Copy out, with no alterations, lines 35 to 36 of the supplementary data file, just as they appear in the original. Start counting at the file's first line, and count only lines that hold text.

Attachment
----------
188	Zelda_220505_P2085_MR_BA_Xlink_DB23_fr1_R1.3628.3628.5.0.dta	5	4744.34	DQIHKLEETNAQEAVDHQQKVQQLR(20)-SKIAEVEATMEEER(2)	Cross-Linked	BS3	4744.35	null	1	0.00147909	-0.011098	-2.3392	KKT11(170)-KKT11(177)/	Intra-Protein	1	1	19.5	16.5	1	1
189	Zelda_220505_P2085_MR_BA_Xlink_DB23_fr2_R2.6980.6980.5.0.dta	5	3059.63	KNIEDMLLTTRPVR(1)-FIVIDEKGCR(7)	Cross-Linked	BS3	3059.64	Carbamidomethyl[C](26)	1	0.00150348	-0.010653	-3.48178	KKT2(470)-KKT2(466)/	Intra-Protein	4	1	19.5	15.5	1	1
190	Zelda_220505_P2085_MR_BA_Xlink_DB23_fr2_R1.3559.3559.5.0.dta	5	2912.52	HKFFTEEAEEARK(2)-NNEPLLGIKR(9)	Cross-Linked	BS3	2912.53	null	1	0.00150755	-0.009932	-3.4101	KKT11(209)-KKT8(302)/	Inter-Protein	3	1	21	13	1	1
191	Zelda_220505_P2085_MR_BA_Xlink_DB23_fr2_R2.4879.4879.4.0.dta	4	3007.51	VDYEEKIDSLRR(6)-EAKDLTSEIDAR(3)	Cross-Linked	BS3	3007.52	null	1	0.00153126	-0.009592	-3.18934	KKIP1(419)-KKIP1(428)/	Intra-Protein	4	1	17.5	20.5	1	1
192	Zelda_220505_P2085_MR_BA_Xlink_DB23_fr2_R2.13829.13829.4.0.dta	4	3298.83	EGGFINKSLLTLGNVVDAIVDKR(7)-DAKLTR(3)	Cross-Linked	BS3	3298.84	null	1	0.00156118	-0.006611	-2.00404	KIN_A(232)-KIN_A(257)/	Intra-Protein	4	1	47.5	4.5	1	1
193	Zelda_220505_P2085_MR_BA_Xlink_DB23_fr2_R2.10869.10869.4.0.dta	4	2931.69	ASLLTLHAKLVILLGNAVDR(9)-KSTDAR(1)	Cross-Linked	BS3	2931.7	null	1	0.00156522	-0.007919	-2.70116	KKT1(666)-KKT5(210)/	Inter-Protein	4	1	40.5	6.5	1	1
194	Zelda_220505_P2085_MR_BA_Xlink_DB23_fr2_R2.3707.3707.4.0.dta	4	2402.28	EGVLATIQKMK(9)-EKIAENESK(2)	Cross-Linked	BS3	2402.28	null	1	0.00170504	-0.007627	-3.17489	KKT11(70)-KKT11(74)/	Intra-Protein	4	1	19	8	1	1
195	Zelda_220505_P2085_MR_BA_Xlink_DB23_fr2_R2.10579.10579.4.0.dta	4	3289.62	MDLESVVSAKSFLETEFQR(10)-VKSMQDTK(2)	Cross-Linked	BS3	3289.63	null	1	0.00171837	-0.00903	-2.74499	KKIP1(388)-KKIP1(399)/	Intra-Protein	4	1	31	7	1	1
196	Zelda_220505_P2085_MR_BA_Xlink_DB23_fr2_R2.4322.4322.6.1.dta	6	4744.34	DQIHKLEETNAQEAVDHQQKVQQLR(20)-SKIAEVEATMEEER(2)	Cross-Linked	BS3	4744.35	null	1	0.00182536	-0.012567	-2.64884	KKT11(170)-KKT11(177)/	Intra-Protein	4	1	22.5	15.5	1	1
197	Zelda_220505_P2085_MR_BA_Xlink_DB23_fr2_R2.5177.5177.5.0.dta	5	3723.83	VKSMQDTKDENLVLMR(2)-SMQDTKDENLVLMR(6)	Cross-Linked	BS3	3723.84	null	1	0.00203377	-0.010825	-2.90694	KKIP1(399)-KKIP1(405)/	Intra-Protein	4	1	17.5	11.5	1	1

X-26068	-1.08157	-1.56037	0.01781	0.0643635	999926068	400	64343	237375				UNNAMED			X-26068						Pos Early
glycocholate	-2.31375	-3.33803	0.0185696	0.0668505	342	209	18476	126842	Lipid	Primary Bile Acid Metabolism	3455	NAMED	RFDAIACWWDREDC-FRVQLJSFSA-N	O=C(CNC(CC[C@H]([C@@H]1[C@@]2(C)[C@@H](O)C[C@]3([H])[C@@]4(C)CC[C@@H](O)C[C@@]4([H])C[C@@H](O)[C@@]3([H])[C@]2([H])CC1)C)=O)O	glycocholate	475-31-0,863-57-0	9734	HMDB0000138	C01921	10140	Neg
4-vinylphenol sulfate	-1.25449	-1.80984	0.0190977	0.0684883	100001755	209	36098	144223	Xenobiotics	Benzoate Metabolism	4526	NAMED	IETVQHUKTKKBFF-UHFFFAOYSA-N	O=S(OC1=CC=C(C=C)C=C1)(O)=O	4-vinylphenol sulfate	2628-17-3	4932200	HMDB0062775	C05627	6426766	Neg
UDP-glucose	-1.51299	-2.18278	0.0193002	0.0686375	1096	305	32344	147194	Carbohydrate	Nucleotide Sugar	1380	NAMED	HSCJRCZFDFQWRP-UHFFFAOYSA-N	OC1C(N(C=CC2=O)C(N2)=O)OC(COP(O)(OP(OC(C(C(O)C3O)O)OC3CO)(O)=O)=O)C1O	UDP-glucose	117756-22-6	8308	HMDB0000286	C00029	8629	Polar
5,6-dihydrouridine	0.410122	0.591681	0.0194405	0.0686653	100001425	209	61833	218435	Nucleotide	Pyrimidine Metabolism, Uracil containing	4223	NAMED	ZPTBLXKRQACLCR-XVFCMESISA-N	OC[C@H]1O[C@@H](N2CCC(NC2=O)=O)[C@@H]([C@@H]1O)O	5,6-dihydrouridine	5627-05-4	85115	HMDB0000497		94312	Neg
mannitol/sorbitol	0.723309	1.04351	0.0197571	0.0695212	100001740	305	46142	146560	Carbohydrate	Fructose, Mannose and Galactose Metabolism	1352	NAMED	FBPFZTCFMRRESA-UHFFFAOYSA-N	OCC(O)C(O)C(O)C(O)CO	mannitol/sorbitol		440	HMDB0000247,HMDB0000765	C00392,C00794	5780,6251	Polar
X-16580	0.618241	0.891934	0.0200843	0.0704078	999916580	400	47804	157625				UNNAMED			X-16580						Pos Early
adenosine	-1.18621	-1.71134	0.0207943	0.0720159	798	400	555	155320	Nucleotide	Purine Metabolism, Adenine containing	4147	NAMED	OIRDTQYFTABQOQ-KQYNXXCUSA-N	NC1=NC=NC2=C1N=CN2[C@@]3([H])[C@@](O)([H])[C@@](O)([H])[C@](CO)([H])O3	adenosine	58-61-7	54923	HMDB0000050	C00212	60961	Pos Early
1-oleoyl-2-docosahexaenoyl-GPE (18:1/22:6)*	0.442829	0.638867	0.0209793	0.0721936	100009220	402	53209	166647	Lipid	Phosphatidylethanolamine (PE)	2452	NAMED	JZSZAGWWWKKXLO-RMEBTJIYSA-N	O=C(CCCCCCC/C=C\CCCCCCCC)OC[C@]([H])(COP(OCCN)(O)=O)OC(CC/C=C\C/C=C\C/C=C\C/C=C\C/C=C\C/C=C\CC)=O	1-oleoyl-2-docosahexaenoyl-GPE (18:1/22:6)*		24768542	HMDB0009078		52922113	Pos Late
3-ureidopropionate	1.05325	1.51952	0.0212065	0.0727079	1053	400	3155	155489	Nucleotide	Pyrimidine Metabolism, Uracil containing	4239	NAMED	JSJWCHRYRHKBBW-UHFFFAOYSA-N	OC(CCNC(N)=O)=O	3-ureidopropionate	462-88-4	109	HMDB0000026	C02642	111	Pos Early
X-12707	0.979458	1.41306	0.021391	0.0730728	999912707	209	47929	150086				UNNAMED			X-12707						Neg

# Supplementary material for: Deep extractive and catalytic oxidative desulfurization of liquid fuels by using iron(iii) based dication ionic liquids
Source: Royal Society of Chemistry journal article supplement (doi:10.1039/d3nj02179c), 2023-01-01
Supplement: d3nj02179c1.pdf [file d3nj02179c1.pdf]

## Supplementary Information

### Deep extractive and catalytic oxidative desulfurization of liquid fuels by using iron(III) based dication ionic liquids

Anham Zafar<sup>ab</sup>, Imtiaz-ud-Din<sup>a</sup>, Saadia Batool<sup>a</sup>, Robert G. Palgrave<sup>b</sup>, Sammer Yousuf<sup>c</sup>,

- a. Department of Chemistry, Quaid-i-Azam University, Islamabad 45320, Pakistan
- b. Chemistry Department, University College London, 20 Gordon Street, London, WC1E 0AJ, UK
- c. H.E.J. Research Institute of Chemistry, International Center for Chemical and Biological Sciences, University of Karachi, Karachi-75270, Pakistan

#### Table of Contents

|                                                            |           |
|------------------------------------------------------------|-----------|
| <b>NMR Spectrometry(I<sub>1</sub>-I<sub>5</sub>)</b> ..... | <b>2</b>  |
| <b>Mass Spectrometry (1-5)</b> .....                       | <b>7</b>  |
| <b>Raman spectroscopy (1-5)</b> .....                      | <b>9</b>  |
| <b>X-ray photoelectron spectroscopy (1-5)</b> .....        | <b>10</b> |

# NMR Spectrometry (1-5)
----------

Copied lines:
| <b>Mass Spectrometry (1-5)</b> .....                       | <b>7</b>  |
| <b>Raman spectroscopy (1-5)</b> .....                      | <b>9</b>  |